It’s Friday afternoon, and geology professor Alan Chapman is crouched in the corner of his office, tinkering with a gravimeter, which measures minute changes in the earth’s gravitational field.  By testing it out in Olin-Rice and around the state, his Geophysics students will see complex formulas in action. We asked Chapman what he hopes students take away from his courses, how he brings his own research into the classroom, and why leading a class is not unlike playing a guitar for a crowd.

How did you get into geology?

For a lot of people, geology isn’t on their radar until someone or something alters their trajectory. For me, it was taking an introduction to geology class as an undergrad at the University of Minnesota. At the time, I knew I wanted to study science, and I was majoring in astronomy, but something wasn’t clicking. I was having a great time in this intro course, and I talked to an advisor and told him I have this hard decision to make between astronomy and geology. He said, “It sounds like an easy decision to me.”

I found my niche in an area of geology that attempts to understand mountains: how mountains form in the first place, what processes happen along the edges of continents. As you go farther west, the area gets all crunched up. I try to understand those faults, folds, and volcanoes—and their role in shaping the continental crust.

What do you love about teaching?

Before my teaching career, I enjoyed playing music. Teaching is not unlike when you’re up in front of a crowd playing the guitar. You can tell whether the audience is into it, bobbing their heads—and you can tell if something’s off about your delivery or sound and you need to adjust. I get the same vibes from students as I got from a crowd. It’s not like standing up and giving a speech and feeling like it doesn’t matter whether the audience is along for the ride. I like the mixture of preparing and observing. If I’m teaching a class on gravity and everyone’s going to show up and not ask any questions, it wouldn’t be as fun. I prepare in advance, I learn a lot in advance, and that’s exciting. Communicating that material is exciting, and so is the improvisational piece.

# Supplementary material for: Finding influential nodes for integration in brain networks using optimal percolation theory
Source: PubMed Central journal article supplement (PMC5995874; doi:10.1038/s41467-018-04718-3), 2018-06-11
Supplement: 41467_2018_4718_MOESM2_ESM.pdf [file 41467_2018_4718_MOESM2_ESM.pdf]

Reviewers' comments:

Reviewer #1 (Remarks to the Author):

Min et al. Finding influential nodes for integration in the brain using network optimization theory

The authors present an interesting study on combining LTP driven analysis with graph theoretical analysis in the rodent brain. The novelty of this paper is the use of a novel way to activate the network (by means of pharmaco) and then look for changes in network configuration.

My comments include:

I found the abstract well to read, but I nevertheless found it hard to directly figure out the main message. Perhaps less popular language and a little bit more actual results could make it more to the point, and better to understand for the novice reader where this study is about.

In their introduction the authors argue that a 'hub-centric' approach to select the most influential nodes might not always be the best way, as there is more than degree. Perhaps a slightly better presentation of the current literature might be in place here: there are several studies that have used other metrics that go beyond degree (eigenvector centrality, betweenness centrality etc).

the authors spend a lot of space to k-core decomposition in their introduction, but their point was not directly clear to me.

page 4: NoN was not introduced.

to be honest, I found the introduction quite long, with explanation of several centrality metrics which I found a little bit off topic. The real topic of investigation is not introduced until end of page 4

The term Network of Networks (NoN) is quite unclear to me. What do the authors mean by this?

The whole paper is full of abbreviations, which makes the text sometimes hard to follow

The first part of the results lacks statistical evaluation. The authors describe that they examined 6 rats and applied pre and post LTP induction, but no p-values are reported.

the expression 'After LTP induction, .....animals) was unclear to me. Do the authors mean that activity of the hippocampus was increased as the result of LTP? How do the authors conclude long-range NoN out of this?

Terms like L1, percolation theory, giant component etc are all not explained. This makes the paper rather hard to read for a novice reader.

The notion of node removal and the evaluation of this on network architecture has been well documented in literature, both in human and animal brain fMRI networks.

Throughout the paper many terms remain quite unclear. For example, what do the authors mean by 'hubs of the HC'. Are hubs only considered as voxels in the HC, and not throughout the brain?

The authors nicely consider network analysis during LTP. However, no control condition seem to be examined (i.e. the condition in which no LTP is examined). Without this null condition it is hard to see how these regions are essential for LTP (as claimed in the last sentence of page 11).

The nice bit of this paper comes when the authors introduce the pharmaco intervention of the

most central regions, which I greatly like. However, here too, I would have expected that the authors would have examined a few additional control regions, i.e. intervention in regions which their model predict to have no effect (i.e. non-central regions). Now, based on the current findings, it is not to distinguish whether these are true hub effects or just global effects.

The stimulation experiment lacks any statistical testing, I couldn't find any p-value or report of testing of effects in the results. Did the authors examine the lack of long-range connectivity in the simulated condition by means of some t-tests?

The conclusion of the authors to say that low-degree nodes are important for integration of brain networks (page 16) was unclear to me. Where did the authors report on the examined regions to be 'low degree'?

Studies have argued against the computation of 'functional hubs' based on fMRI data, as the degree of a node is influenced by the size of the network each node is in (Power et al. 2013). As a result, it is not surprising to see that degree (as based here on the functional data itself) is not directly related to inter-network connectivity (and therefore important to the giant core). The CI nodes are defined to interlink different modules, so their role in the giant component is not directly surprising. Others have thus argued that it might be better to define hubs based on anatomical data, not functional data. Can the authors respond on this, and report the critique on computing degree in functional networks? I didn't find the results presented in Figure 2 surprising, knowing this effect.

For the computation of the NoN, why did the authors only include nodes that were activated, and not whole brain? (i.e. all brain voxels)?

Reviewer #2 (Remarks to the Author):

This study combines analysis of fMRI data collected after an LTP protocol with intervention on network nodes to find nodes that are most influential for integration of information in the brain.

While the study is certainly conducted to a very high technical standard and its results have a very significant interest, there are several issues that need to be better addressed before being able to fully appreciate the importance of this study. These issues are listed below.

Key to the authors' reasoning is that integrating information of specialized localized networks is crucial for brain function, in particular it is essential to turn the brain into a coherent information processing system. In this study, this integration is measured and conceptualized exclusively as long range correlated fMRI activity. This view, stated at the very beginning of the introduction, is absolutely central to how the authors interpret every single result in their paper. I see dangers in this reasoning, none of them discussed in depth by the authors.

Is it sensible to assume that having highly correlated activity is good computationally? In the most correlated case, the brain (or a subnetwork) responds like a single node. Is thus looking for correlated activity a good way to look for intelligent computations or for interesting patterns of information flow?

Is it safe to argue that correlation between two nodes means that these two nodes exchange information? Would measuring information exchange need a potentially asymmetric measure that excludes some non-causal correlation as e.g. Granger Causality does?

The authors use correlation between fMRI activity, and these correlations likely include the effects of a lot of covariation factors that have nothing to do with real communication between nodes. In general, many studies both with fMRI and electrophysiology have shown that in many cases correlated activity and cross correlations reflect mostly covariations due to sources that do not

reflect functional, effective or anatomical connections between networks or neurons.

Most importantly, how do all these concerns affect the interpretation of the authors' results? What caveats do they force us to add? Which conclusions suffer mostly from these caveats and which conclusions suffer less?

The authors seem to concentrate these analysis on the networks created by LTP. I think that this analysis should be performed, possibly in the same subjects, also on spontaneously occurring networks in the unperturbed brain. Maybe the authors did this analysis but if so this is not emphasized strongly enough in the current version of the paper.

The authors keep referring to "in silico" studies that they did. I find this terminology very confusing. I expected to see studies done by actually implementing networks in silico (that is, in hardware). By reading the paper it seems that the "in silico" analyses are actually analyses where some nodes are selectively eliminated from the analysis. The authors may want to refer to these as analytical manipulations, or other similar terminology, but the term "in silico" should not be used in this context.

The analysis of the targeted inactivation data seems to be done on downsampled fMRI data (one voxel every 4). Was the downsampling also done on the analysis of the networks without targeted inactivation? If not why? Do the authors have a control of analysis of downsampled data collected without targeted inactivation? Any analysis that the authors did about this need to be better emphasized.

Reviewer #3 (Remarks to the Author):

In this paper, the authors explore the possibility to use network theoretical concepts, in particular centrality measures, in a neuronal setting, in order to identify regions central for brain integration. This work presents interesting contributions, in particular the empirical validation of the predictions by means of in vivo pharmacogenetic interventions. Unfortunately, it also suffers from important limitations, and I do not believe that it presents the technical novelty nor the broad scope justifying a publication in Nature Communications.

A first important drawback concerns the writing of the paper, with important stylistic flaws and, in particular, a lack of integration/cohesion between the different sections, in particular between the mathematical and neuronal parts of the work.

How has your teaching style evolved?

I started out doing PowerPoint-based lectures. And for a lot of people, that “sage on a stage” approach works. I also know a lot of folks who like to completely flip the classroom and have it be totally student-focused. At some point, I started incorporating more active learning techniques. I found a mix that seems to work for me. There’s certainly a place for delivering some material, chewing on this big chunk of knowledge that I’m putting out there, and then reconvening and applying it.

What are your classes like, and where does the gravimeter come in?

Geophysics is a very quantitative class, Mondays are mostly lectures with a small activity: we’ll talk about a formula and then manipulate a data set.

On Wednesdays I like to do a longer activity. For example, we’ll use the gravimeter to take a measurement on each floor of Olin-Rice. Gravity falls off not just with the distance to the center of the earth, but the distance squared, and the gravimeter is so precise that it can measure perceivable differences 10 feet up from the ground floor. Gravity is different on the third floor of Olin-Rice than the first floor! It’s all geared toward a better understanding of the formula we’ve talked about on Monday.

On Fridays, we do a Paper of the Week. For example, we’re talking about a paper on gravity in the state of Minnesota. There’s something in Minnesota called the Midcontinent Rift, where 1.1 billion years ago, the middle of the continent tried to split apart. All along this fault, there’s a big pile of basaltic rock where the continent almost turned into an oceanic basin like the Atlantic Ocean. It’s called a failed rift. The hope is, at some point during the semester, to go from one side of the rift to the other with the gravimeter to see the fault underneath us.

What kind of assignments do your students like best?

In my Structural Geology and Tectonics classes, it’s Rock of the Week. I bring a rock in a box and provide a map showing where it’s from, and the students’ job is to describe the rock using a series of questions. That part is free of interpretation. The second part involves thinking about the processes behind the rock. A sandstone might have little ripples on top, which probably means it was at the bottom of some old river, so you can say something about what way the water was flowing when the rock was hardening. Those assignments are some of their favorites.